Securing the WordPress Login page

Of late I have seen quite a lot of brute force attempts to login into the admin account of this blog. The source IPs are wide and varied, ranging from Istanbul, Germany, Greece, US and more. In fact according to ArsTechnica article this has been happening for sometime now on a huge scale. I see a POST request on my site every few hours. Recently I submitted a list of such IPs to Deutsche Telekom Abuse Team for the offending IPs from their network.

Protection from the attack ArsTechnica suggested using

Limit Login and WP Better Security plugins. Limit Login is a simple and must have plugin. It blocks an IP for some hours our repeated failure attempts. Of course for this to be useful you need to have a strong password like mine, which is ….. . However, WP Better Security is the best but makes some drastic changes to your site. I don’t like to make so many changes, and would prefer that WordPress came bundled with those features. One of those features is modifying the login url. By default it is like http://blog.host/wp-login.php. This makes it an easy target. One simple way to fix this is change it.

Changing your login url

I do not want to physically rename wp-login.php, since that would mean after a WordPress upgrade the change would be gone. The other way is to rename it in your web-server configuration. Below is my relevant Nginx configuration. (If you are still using Apache then you may want to switch to Nginx.)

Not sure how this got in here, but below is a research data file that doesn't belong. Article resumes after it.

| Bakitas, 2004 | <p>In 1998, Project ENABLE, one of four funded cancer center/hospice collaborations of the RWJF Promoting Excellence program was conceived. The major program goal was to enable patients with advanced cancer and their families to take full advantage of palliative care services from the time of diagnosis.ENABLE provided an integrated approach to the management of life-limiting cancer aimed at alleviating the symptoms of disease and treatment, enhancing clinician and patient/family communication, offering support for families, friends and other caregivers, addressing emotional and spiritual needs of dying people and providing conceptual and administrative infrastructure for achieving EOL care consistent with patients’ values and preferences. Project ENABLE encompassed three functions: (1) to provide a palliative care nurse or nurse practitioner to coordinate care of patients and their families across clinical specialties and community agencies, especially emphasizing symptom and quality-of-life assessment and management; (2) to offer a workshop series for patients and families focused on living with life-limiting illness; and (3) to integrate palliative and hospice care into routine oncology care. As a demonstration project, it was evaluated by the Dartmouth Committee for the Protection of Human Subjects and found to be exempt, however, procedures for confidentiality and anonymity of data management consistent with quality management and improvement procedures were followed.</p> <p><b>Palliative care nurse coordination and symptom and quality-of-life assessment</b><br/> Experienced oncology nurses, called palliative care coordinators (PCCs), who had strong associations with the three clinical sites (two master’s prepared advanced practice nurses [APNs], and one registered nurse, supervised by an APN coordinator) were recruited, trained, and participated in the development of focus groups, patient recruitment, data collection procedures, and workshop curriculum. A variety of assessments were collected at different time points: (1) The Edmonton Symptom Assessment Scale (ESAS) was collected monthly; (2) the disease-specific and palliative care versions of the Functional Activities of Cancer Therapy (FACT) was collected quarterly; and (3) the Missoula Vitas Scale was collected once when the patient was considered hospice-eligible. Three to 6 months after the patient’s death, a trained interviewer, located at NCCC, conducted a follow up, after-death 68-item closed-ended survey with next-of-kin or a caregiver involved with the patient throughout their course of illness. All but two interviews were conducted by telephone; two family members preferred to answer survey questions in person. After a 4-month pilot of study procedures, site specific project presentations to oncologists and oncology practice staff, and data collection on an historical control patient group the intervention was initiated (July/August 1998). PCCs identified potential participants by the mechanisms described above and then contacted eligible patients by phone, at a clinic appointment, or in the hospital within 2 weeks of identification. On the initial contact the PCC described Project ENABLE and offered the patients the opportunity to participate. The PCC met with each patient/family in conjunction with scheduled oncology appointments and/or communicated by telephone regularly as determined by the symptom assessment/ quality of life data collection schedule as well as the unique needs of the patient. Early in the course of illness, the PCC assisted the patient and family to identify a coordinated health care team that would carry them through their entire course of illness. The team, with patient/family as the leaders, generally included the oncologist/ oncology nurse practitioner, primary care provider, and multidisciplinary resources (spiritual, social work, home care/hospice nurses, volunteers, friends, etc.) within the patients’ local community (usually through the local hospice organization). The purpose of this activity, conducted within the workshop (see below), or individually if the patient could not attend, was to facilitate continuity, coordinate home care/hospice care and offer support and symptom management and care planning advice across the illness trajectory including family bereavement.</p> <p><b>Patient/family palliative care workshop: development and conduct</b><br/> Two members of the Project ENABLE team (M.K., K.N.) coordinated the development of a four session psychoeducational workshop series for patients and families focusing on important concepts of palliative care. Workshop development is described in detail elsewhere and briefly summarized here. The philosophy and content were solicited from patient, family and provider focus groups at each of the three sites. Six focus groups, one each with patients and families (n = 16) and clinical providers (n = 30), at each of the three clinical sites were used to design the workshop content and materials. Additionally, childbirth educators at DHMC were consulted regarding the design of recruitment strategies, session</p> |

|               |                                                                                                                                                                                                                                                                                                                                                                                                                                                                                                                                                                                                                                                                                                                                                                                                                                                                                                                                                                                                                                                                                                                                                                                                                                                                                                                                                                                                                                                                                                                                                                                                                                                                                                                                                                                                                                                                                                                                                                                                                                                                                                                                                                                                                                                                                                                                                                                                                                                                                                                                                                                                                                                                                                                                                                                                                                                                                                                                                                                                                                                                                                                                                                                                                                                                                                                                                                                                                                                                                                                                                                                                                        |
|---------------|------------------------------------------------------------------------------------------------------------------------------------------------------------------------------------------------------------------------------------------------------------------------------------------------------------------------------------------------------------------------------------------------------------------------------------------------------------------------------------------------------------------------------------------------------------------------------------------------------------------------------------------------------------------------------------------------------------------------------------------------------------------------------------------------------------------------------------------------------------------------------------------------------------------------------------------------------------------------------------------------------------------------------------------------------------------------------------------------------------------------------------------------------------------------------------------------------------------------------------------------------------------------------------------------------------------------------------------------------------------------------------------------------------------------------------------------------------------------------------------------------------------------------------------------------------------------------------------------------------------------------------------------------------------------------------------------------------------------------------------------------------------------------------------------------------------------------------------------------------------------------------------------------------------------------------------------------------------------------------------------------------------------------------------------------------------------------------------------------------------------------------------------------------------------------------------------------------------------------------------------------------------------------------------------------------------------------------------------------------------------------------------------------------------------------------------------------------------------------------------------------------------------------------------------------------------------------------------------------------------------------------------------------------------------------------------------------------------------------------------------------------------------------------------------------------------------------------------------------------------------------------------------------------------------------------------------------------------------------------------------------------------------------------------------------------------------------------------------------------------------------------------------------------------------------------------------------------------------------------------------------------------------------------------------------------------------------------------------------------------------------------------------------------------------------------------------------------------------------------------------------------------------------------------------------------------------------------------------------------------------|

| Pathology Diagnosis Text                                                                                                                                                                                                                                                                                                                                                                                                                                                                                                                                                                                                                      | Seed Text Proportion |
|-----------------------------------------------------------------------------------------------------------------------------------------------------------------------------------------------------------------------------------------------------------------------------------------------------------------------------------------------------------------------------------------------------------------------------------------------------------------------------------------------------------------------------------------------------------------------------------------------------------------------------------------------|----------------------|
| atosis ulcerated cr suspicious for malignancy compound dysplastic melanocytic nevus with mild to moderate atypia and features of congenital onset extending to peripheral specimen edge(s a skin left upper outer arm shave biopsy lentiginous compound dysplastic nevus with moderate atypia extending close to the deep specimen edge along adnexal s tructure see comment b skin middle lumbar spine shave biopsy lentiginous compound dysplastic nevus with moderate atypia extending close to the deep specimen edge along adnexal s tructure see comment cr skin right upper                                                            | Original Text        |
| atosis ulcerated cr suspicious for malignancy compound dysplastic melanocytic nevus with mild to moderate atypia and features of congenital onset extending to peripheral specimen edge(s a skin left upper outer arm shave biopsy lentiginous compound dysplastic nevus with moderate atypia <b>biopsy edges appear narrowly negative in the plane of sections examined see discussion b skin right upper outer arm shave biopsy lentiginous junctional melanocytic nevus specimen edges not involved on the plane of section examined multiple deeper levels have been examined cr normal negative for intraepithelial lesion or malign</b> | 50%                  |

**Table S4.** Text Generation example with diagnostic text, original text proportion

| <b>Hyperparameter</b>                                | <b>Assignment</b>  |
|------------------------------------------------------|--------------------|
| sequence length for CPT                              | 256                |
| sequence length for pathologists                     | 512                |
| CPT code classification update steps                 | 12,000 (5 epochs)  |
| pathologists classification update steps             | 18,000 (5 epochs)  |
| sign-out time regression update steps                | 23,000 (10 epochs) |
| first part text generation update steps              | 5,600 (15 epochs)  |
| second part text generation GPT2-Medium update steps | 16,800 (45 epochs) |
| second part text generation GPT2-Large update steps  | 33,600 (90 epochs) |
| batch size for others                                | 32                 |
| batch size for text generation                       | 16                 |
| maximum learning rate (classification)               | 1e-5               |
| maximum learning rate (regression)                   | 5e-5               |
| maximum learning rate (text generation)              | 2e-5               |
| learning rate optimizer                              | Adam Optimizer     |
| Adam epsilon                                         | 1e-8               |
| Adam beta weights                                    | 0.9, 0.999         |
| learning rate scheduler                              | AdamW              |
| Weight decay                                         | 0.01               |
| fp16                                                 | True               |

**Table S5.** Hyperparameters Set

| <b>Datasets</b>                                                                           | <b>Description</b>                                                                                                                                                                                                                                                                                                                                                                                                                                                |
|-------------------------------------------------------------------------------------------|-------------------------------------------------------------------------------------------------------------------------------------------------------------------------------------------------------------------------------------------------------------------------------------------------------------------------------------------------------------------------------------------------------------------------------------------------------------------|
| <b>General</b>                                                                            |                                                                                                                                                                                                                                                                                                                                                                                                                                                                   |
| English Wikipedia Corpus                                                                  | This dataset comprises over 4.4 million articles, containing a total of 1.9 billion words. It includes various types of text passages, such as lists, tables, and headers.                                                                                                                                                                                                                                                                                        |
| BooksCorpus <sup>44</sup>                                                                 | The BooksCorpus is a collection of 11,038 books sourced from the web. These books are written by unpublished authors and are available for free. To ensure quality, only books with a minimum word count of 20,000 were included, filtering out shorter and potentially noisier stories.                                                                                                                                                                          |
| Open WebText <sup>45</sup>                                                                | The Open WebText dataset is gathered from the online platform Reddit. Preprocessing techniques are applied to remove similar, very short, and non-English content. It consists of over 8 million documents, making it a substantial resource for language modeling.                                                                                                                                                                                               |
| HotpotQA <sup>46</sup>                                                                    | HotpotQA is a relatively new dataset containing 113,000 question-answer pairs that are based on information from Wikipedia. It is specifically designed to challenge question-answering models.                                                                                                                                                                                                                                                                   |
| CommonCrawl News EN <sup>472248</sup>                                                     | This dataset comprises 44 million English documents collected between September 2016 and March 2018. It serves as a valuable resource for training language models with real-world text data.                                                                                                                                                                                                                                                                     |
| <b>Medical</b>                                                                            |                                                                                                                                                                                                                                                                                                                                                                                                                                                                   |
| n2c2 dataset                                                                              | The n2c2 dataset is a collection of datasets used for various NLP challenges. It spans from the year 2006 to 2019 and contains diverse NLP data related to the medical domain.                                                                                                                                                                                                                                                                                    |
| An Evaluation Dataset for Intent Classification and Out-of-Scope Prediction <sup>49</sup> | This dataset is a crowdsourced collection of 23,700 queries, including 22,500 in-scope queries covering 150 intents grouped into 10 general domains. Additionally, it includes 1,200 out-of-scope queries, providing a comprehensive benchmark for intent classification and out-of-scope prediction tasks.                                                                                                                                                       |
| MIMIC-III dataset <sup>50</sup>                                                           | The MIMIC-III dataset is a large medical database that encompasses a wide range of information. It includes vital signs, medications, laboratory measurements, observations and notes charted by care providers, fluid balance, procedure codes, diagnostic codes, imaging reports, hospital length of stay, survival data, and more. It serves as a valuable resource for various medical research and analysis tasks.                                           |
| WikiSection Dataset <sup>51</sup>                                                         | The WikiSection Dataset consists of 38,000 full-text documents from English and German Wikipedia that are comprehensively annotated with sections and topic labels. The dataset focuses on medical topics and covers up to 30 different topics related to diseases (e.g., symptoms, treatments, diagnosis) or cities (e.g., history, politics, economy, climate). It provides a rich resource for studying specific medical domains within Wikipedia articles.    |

server {
    server_name blog.host;
    # Other configs like root etc...
    location ^~ /wp-login.php {
        include phpparams.conf;
        if ($request_method = POST) { return 444; }
    }
    location ^~ /your-secret-login-page-name.php {
        rewrite ^ /wp-login.php break;
        include phpparams.conf;
    }
    # ...
}

The above config blocks all POST request to wp-login.php but allows GET requests. So, wp-login.php would show up but if someone tries to submit on that page then the server will close the connection (status 444 is a special code which instructs Nginx to close the remote connection). Since we are using ^~ to prevent Nginx from matching to any more regex locations so, if you have any location directive to match .php won’t be used. So, effectively your wp-login.php file source would be sent to the user instead of executing them. That is why I have included phpparams.conf. See the Nginx migration guide for the contents of phpparams.conf.

One Caveat

Now even if you open your-secret-login-page-name.php, the form will still send POST requests to wp-login.php, because after all that is the page which is being served. So, either you need to use web developer tools like Inspector to modify the web code or better write a GreaseMonkey or TamperMonkey script to do that for you.

Comments
One Response to “Securing the WordPress Login page”
  1. appornix says:

    Hi,

    This sound very promising! But I have no clue how to go further. Or what a hell was the point in here!? Okay, I understood that much it’s not going to approve POST requests anymore. Not send from wp-login.php and not from “your-secret-login-page-name.php”. Changing method to GET from Chrome’s developer tools it just doesn’t make any difference.

    So.. What I should do now to get some effort from using “your-secret-login-page-name.php” than just wp-login.php?

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